Well, the other day my computer decided that it didn't want me playing WoW anymore. or any MMO for that matter. I'm not sure what the problem is, exactly, but it would freeze up whenever I was playing WoW, and it would take forever to get it to boot back up. I updated the video driver, but, because it's Nvidia, there are issues with that, apparently.

Last night I decided to boot up DCUOnline, just to test it. Yep, same thing. Only now the damn thing won't boot back up at all, no matter what I do. In the past I ran into some bad sectors on my hard drive, and partitioned them off, so it has worked fine. But, now I am wondering if the problem has spread.

Either way, I am without a viable computer at home until I can get it fixed or replaced. I will probably have to get a new Hard Drive, and hopefully that's it. Heaven forbid if my video card is shot too...

Anyways, that leaves me with no gaming other than my bi-weekly game (which we will finally resume once more tomorrow night). I still have no idea how I could possibly wedge in an additional game, what with family, work, and school. So, I guess I'll just be happy with what I got. Though I am still eying the possibility of forcing my kids to play...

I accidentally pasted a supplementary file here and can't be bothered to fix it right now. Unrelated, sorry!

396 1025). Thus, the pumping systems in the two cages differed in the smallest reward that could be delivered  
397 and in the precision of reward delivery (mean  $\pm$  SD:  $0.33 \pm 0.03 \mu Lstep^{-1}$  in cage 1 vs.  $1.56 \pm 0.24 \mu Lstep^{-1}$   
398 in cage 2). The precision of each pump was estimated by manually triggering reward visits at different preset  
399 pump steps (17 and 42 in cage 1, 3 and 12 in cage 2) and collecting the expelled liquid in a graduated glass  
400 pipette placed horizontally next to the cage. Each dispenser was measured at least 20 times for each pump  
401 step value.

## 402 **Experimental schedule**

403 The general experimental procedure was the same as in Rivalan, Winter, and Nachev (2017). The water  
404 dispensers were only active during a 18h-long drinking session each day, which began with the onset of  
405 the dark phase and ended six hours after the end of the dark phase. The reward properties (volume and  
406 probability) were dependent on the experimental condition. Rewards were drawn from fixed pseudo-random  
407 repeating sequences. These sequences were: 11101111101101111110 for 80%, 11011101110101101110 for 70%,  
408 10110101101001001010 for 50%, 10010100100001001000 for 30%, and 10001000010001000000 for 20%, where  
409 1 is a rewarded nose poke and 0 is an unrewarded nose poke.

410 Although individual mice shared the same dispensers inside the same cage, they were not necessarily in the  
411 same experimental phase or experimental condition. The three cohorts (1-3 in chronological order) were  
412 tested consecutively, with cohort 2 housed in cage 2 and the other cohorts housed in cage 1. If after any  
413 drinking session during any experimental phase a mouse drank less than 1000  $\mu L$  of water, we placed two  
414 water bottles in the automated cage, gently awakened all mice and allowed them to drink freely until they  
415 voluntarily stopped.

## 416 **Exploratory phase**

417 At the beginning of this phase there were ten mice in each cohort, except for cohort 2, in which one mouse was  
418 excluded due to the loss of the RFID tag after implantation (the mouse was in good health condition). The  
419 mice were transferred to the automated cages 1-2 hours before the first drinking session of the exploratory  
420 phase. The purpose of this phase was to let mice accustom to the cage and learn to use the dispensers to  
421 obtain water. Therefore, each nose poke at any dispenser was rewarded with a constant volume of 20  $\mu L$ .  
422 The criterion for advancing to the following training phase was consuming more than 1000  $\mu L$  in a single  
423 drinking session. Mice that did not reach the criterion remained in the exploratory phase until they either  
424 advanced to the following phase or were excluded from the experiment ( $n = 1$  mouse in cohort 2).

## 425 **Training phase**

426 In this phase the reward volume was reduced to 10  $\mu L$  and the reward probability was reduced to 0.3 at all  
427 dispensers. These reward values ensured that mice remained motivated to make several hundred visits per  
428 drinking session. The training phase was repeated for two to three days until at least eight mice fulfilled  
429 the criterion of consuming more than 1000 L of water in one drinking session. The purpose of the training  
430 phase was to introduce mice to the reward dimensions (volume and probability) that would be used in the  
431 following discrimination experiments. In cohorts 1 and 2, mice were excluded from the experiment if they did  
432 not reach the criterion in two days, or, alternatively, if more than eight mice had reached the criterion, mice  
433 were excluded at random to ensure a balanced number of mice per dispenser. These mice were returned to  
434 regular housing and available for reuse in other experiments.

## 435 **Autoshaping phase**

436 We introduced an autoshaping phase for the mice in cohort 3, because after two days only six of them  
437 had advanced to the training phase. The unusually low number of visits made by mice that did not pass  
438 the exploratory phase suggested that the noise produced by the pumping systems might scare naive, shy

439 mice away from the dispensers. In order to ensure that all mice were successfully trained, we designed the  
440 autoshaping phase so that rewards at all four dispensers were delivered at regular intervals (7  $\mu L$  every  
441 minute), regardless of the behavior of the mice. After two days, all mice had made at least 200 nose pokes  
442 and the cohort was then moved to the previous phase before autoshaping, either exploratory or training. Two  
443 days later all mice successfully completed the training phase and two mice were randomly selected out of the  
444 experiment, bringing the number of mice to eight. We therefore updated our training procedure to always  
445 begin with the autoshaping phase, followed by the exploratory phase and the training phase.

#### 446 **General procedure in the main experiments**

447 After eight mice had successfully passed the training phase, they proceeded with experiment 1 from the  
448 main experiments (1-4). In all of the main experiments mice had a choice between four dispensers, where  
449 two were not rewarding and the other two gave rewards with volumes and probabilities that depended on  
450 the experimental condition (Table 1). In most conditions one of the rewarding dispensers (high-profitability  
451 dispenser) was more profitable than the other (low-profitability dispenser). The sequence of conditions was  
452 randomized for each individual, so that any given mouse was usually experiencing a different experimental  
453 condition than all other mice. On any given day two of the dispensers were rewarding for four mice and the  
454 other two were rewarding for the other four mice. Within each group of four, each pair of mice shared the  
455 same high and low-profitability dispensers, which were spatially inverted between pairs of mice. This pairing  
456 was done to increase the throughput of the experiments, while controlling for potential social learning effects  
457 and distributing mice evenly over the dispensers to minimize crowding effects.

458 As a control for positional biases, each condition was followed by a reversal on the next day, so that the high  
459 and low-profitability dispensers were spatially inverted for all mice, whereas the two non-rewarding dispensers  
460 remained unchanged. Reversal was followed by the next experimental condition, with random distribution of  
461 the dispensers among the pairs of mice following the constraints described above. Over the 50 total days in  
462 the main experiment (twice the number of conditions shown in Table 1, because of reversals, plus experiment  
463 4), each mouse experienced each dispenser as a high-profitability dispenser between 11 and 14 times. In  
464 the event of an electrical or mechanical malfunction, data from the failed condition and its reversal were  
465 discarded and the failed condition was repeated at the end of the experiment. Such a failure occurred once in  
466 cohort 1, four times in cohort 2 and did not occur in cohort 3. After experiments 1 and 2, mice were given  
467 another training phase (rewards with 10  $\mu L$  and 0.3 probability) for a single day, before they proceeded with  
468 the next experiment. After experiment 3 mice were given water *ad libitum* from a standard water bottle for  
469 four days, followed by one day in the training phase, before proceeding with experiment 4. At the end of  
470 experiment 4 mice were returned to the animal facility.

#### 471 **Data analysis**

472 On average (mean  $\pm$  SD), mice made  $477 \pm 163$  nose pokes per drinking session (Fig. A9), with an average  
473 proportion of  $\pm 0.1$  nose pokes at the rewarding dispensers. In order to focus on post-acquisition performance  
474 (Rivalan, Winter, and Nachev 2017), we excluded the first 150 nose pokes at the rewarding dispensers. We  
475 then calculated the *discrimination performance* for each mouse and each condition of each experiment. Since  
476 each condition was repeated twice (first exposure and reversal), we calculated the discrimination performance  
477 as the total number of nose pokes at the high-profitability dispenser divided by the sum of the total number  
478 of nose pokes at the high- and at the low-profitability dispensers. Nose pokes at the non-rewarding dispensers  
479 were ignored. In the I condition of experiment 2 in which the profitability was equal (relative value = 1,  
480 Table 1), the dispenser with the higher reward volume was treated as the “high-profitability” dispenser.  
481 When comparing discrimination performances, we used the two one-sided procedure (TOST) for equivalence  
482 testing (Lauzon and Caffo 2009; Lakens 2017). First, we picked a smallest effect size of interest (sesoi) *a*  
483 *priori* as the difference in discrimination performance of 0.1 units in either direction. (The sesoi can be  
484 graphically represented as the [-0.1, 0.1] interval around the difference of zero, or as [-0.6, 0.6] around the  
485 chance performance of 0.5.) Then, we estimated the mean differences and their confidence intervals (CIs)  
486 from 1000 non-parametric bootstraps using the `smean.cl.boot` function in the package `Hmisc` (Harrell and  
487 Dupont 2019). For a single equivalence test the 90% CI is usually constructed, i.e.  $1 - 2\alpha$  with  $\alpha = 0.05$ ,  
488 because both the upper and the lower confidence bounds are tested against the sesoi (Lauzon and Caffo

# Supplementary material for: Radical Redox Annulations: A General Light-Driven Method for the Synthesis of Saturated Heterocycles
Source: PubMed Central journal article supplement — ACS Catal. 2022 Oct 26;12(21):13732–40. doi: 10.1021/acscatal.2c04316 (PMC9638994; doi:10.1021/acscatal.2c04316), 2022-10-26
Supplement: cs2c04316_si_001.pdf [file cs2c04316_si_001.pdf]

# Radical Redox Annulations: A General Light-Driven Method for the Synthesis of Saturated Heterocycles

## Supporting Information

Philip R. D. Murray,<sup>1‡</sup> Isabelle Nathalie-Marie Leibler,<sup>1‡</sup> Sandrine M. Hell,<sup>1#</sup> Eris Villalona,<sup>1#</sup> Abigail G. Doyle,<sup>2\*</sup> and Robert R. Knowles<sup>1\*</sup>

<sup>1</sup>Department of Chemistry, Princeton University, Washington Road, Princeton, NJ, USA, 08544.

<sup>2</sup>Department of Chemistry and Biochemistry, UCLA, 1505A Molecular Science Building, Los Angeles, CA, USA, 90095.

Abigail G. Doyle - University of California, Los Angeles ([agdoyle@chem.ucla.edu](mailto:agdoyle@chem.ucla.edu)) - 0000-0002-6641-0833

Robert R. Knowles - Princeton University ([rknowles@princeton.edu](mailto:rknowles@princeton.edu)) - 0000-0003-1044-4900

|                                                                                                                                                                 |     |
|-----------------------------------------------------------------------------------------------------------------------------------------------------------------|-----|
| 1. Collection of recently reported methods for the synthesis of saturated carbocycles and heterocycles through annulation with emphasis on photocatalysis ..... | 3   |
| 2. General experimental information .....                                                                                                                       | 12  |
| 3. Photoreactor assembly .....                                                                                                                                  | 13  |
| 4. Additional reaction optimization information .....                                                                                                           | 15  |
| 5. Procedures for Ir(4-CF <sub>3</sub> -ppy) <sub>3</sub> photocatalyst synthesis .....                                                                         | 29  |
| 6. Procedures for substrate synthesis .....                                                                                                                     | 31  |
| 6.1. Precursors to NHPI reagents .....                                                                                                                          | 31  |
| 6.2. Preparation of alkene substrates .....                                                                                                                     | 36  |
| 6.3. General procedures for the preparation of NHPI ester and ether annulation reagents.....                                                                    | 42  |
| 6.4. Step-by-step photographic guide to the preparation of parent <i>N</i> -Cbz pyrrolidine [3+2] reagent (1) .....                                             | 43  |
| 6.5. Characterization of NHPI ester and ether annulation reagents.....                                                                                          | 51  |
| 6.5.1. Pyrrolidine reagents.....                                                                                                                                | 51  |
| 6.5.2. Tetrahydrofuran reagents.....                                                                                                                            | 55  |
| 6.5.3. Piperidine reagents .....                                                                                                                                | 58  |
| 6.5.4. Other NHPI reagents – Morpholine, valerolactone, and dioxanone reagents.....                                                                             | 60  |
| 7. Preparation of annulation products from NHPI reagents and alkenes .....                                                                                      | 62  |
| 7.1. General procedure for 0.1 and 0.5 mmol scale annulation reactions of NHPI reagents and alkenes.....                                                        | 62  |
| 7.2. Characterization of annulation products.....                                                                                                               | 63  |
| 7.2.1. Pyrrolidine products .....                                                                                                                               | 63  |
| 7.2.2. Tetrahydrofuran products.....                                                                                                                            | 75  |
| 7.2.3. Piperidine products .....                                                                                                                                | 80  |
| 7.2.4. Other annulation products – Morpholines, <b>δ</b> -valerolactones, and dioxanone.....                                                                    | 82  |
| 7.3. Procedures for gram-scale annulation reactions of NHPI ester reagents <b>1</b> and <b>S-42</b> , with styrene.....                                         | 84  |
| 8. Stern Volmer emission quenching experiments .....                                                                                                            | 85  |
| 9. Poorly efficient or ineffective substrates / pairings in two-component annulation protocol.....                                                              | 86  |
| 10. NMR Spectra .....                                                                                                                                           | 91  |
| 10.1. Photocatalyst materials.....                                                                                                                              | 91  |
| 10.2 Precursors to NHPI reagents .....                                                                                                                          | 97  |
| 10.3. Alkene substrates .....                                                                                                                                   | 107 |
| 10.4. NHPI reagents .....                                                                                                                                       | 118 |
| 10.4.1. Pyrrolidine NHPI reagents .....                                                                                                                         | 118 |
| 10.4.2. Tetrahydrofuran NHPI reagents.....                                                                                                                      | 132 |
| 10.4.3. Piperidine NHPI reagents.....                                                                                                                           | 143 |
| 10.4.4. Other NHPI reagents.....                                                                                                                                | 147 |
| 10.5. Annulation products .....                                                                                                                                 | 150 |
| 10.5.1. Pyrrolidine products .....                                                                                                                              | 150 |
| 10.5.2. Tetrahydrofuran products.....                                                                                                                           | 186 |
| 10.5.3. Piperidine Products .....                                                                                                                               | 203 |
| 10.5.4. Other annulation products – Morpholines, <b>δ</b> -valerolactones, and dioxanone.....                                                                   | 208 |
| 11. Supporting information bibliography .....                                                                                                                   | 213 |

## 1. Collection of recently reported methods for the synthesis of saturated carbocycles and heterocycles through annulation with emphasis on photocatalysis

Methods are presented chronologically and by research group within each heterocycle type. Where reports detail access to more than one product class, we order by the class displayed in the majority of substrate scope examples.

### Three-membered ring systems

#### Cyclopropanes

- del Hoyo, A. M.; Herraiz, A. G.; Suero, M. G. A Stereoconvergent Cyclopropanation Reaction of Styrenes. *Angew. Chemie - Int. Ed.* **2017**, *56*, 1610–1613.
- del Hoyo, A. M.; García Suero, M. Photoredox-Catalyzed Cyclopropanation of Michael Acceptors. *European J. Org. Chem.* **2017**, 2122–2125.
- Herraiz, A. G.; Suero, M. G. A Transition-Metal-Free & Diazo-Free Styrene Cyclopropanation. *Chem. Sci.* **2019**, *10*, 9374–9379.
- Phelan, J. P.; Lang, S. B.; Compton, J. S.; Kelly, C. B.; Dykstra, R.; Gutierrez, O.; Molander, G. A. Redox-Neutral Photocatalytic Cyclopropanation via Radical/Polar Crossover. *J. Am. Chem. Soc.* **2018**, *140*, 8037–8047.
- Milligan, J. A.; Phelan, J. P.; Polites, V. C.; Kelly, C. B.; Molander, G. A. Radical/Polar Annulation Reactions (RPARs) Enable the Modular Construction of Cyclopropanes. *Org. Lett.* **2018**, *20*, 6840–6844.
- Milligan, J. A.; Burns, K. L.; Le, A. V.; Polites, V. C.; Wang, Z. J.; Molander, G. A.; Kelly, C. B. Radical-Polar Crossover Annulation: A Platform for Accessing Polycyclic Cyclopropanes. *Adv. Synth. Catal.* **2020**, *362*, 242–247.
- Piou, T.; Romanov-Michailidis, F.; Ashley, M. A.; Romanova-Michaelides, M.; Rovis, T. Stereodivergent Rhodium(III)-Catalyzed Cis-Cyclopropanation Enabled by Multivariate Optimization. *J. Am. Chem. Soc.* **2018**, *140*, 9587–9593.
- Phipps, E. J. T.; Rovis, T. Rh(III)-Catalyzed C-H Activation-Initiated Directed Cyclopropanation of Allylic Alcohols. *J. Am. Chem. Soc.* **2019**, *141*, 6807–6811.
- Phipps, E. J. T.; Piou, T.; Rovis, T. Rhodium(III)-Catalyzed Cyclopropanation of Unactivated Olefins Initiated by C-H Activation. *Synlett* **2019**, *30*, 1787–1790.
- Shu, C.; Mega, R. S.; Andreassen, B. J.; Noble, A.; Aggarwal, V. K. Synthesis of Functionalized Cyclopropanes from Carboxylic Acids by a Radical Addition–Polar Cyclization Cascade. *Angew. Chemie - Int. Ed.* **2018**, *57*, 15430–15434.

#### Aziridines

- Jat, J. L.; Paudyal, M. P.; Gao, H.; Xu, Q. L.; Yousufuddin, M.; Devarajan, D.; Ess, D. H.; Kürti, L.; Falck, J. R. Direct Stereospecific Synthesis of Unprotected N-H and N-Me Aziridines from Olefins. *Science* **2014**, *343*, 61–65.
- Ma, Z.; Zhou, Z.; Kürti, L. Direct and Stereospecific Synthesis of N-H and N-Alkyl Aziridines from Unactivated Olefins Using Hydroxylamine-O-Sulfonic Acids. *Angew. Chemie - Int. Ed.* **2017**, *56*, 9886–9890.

On the writing front, I published Qruzlat last week, and even gave it a better cover. To date, I have 2 "sales" for $0 each. Not sure what that means, but according to RPGNow it might be that they have given comp copies to a couple of featured reviewers. Either way, it really means that literally no one is interested in it. I might just integrate it into LoR-OSR and update that file.

And, as always happens, this poor performance has me second-guessing myself. I look at RPGNow just about every day, and I am astounded by the sheer volume of product being produced and published. Which makes me wonder why I bother. What is my stuff but a blip on a screen?

Eh, I will probably eventually finish the three big projects I have going, and let it go. It's been fun, and I've gotten some good feedback. But, I have to face the fact that I'm not a game-designer. I'm just a fanboy, like everyone else.

Friday, October 11, 2013

Social gaming